The people over at TicTocLife tweeted this yesterday:
In what ways do hedonic adaptation (and the hedonic treadmill) affect your path to financial independence?— TicTocLife (@TicTocLifeStory) November 15, 2020
Is there a particular area of your spending that seems more vulnerable to it?
I know ours is in foreign experiences as we crave increasingly niche travel. pic.twitter.com/wAKgUkRjZl
I started pondering the 1500 household spending, but from the viewpoint of retirement. I thought about what has changed and why.
Everyone likes to talk about travel. Post-retirement and pre-COVID, our travel definitely ramped up. However, it also became cheaper because travel itself changed. Instead of planning travel around destinations, we now plan mostly around people:
- we visited the Mad Fientist in Edinburgh
- and my friend Noonan Moose in Maine
- the Frugalwoods in Vermont
- the Physician on FIRE in Minnesota
- and the Penny Planters in Florida
And all of these fine friends happened to have a spare room for us. But, it’s not just about getting a free place to stay. I find that being in a new place is a lot more fun when you’re sharing the experience with friends. I’d rather go to an OK place with great friends than to a great place with no friends. The side-benefit is that travel is cheaper because we’re not paying for hotels and eating out constantly.
And this goes both ways. Before COVID, we had people staying with us regularly. I look forward to this once the world goes back to normal.
This is a strange one that I didn’t see coming. Prior to retirement, fixing up houses was a way to make money. Our live-in flips were a means to grow the nest egg. It wasn’t a pleasant experience mostly because I was trying to balance the work with a full-time job and two children. I had great work-work balance!
Now that I don’t have a job, I find that I enjoy building and often go way overboard on projects. It’s fun to design and build something unique and challenging. The deck and pergola I built over the summer had features I would have never attempted if I wasn’t retired. These include the fancy curve on the deck and the 25′ span of the pergola. The latter was accomplished using aluminum I-beams.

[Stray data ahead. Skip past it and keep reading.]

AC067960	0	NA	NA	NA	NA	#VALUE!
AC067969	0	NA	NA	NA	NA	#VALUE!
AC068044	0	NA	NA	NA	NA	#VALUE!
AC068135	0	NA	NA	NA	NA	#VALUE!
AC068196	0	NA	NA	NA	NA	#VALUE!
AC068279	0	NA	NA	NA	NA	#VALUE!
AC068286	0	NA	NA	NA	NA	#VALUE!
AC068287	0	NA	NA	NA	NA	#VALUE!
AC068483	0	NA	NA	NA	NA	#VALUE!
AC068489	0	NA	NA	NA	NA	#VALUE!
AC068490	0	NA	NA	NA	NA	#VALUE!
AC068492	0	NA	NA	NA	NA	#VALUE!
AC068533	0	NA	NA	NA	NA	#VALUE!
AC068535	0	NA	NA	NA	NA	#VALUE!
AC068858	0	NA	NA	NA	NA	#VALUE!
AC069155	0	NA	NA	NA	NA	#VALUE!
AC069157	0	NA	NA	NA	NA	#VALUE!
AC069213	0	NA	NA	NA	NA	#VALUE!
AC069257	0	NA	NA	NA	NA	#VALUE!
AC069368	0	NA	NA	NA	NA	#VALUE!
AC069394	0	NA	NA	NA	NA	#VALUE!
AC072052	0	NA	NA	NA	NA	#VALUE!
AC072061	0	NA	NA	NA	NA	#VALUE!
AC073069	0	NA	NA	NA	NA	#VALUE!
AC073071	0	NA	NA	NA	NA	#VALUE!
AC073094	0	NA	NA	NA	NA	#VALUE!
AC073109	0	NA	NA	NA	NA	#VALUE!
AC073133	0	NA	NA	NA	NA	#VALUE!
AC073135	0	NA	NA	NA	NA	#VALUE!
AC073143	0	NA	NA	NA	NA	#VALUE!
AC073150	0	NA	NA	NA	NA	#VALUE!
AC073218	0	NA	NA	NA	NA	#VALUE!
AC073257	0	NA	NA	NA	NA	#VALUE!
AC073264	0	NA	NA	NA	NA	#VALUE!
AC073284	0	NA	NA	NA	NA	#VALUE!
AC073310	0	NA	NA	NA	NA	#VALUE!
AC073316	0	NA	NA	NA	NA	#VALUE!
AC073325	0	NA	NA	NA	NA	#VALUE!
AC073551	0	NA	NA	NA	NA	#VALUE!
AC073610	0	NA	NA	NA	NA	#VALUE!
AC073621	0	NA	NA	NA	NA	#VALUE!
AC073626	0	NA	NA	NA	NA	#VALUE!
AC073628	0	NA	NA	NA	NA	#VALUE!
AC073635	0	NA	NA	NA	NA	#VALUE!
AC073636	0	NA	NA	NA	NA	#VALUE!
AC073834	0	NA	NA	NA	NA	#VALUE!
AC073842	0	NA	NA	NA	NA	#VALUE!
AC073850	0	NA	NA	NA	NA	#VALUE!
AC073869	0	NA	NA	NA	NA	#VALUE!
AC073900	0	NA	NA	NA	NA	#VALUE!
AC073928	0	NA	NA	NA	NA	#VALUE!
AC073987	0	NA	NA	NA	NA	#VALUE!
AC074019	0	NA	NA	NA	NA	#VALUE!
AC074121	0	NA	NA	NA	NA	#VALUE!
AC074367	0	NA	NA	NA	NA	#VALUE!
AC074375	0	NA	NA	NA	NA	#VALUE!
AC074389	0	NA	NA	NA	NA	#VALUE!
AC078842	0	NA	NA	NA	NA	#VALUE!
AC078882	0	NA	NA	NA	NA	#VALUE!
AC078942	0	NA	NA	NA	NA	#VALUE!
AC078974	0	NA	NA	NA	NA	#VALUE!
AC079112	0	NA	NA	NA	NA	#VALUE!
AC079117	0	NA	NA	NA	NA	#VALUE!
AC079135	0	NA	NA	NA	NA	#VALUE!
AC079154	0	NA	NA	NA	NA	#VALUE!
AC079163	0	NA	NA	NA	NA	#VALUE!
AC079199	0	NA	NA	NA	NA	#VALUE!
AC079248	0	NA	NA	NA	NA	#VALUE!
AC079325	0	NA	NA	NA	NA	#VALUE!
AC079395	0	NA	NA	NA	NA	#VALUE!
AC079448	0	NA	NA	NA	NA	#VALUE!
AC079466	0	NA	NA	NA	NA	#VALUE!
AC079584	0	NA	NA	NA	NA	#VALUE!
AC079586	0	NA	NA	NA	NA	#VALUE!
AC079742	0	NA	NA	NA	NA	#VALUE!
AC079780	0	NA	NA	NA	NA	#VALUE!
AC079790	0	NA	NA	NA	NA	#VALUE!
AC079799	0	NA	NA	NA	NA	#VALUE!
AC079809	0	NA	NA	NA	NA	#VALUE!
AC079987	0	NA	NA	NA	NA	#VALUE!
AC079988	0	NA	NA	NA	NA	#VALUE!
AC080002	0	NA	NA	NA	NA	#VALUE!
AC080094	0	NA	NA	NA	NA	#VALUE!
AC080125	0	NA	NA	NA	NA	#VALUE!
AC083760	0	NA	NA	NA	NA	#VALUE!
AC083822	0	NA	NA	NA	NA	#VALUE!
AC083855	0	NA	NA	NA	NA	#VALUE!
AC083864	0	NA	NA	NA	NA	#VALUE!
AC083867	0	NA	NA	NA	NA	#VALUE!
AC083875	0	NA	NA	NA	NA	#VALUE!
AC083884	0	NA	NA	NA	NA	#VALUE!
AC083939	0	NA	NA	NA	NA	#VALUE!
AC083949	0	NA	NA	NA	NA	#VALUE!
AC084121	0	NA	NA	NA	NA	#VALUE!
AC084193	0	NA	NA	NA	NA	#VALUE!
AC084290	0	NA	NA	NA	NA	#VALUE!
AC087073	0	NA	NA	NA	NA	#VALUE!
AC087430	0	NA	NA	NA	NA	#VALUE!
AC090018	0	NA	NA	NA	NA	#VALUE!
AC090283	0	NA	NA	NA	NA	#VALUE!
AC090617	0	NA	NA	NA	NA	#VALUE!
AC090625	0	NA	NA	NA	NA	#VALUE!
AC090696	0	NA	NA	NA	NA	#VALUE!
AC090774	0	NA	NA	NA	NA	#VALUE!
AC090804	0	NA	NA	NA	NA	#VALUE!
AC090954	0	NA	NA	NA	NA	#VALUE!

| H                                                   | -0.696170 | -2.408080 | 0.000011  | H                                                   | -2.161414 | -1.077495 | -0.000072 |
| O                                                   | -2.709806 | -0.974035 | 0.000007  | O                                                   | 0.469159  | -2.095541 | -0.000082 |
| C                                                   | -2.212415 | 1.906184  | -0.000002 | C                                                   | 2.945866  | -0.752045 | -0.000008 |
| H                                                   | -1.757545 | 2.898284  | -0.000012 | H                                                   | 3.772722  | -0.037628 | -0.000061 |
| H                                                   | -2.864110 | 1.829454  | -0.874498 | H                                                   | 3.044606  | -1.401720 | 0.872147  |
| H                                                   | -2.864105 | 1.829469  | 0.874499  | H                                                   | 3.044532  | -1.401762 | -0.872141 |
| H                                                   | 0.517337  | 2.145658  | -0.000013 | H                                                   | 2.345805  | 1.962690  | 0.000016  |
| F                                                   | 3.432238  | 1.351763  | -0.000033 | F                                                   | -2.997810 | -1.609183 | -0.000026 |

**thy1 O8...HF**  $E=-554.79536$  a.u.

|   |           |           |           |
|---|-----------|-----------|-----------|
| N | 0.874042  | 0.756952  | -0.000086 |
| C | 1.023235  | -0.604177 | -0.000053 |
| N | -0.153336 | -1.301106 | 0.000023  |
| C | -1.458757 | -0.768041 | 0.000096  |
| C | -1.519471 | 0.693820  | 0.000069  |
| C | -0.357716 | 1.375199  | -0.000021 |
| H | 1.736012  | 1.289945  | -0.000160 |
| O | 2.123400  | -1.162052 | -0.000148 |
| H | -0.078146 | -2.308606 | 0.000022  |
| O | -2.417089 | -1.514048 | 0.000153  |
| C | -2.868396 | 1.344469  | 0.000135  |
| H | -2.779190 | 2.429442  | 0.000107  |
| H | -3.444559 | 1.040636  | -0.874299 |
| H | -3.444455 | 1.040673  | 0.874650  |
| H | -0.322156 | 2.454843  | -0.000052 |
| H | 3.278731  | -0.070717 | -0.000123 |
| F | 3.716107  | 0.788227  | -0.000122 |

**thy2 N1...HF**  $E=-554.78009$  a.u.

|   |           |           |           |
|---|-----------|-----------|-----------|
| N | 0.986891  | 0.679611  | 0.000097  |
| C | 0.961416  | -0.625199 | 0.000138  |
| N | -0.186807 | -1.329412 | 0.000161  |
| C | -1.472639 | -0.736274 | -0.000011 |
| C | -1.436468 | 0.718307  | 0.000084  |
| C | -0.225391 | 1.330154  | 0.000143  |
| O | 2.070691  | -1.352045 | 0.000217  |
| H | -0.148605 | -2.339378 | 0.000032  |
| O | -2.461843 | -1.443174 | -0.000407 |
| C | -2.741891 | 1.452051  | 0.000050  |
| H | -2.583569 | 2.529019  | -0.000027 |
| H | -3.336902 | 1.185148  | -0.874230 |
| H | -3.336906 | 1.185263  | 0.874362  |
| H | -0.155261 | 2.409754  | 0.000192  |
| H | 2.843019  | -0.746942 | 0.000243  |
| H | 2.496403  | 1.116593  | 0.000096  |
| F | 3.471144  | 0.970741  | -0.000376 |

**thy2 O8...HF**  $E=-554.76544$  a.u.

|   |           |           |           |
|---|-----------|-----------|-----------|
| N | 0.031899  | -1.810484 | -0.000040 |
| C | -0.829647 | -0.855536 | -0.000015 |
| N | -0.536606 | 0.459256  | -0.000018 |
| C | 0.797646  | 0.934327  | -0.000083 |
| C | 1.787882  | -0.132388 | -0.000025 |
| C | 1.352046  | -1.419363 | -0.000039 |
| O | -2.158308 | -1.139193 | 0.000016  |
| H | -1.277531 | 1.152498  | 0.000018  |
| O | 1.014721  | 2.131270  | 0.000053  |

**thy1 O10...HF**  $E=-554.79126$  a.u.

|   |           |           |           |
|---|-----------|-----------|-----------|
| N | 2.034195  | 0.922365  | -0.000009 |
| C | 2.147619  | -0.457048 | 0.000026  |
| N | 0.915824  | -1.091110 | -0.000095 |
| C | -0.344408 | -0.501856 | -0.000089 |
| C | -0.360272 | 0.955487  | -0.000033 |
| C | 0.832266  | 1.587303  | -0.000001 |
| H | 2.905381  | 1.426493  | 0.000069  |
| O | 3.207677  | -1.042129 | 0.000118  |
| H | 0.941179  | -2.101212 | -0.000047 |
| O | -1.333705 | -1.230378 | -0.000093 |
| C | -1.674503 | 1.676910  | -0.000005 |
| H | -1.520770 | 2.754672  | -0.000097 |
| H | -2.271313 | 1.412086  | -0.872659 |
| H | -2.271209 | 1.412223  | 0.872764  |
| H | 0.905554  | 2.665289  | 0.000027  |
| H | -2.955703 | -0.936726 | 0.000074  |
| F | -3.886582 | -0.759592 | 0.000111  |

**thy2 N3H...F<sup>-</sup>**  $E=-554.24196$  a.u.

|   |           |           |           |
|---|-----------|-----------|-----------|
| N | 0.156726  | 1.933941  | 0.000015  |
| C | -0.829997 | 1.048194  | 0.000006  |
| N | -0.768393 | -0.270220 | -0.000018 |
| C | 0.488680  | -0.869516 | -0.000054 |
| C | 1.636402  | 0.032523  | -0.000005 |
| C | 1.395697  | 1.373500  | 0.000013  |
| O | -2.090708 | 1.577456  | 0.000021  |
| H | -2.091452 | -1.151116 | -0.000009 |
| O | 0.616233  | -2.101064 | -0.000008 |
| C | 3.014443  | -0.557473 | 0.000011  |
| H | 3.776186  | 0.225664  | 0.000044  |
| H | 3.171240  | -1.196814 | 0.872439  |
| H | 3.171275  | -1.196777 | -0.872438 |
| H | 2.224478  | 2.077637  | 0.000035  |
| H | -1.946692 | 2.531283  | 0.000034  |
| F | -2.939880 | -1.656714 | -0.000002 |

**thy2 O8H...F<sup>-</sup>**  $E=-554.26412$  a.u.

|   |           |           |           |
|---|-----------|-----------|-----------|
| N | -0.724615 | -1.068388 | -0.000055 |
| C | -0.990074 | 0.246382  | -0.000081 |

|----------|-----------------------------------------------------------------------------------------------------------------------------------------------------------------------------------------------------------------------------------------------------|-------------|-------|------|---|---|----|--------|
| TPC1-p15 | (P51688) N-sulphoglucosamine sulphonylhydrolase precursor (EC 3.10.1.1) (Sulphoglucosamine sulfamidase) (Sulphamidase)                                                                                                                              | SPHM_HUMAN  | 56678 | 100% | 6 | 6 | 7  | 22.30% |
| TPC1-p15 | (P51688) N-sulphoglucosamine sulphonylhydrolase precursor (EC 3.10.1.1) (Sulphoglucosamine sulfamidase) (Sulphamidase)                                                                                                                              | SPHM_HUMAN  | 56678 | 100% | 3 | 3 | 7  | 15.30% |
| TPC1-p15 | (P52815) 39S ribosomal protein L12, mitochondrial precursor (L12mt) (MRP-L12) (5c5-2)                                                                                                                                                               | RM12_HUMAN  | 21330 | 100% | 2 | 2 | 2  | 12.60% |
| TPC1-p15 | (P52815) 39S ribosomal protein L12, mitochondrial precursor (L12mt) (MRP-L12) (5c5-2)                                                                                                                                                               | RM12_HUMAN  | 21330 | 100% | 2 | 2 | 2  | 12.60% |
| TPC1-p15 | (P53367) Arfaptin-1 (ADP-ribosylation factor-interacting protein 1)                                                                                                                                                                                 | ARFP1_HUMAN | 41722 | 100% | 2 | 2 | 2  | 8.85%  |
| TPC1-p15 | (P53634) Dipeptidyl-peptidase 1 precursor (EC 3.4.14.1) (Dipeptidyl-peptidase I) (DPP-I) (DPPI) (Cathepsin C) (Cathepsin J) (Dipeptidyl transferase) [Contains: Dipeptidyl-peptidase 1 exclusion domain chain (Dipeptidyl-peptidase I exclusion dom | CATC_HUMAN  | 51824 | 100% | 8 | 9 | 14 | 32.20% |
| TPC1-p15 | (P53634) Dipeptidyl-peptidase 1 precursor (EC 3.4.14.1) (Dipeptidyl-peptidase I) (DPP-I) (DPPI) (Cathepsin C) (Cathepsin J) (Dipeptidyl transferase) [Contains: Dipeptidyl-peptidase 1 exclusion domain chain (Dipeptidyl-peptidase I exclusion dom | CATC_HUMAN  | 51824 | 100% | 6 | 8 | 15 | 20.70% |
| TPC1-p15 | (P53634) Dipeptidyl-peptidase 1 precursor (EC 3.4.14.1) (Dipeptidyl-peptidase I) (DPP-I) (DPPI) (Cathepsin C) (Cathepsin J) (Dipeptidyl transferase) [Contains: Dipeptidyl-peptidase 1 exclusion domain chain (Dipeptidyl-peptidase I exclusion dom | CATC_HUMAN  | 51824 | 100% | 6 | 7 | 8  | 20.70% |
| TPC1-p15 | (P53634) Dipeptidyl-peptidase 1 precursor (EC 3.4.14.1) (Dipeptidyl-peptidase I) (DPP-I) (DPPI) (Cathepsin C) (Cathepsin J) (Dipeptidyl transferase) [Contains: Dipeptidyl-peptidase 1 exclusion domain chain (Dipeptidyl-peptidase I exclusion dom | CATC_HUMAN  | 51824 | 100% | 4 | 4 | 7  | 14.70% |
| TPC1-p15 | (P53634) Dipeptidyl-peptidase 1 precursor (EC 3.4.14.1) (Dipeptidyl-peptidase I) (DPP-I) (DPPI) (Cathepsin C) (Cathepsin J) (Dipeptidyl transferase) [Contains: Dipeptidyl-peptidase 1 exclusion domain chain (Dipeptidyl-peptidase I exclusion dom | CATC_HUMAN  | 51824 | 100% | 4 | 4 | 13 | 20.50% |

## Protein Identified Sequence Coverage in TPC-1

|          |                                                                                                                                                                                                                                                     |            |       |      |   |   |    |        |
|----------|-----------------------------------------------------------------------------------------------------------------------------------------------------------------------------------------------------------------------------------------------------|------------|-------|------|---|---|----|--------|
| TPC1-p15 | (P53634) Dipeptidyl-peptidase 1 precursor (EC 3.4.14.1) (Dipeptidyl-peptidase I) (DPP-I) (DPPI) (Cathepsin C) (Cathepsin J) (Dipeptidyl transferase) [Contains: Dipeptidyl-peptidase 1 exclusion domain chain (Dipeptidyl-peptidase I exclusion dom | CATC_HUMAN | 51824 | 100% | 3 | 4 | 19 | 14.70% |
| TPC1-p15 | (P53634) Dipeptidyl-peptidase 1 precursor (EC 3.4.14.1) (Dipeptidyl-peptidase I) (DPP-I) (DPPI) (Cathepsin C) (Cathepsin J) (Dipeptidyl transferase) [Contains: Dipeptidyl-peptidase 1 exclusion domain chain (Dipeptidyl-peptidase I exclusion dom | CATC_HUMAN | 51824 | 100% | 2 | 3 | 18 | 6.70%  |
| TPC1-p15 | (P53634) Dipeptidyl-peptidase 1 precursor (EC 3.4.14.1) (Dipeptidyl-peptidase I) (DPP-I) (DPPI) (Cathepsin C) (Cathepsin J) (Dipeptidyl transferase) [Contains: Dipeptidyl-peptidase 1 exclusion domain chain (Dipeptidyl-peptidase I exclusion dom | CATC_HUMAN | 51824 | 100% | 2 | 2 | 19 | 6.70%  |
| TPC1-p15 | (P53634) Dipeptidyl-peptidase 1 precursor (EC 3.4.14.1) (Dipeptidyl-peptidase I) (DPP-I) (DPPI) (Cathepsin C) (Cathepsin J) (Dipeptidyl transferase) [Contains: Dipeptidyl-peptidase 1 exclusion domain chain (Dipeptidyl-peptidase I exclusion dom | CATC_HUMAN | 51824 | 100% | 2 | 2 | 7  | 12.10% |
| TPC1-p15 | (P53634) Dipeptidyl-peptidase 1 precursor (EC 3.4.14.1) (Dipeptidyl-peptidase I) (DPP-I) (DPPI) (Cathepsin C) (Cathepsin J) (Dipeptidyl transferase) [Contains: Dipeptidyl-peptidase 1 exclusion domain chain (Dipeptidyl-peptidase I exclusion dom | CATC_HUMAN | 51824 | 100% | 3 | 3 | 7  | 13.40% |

Our kitchen is a little cramped, so I’m moving a wall to push the refrigerator back.
In addition to moving the wall, I’m building a loft for our children:
These projects are expensive, but we’ll get the money back when we sell. For example, the deck and pergola were about $10,000 in materials, but if I had paid someone for the work, it would have cost at least $30,000 (labor is more expensive than materials). With some projects, it’s hard to estimate exactly how much value is added to the home, but:
- I’m confident that I will recoup the money I spent on materials
- Building makes me happy, so the price appreciation of the home is a secondary concern anyway
Other Random Spending
We have two cars and barely need one. If one died tomorrow, we wouldn’t replace it. Insurance is cheap (< 7,500-mile policy) and we’re not buying much fuel.
Sweat pants and t-shirts. If I’m feeling fancy, I’ll buy a new article of clothing from Costco.
I didn’t watch much of it before retirement and watch less of it now.
Waaaaaaay up! The Longmont library will soon construct a new wing and name if after me because I’m paying for it with late fines.
We eat out less because we have more time to cook good food at home.
This is always the elephant in the room. For now, Mindy has great health care through BiggerPockets. When she leaves, this will definitely go up.
Are You Living Right?
I’ve read articles that talk about how retirement is expensive. After all, you have to sign up for golf memberships, yacht clubs, and tickets to sporting events to fill your newfound time. I believe that the people who do this weren’t living optimally before retirement. My retirement is an expansion of everything I used to do on weekends. So now:
More building. More exercise. More walking. More reading. More contemplation.
The lesson here is to find happiness before leaving work. Live a rich life no matter what you’re doing. If you let your work define you, you’ll feel pretty empty when you leave.
How about you? If you’re retired, what do you spend money on now? Has spending increased or decreased?
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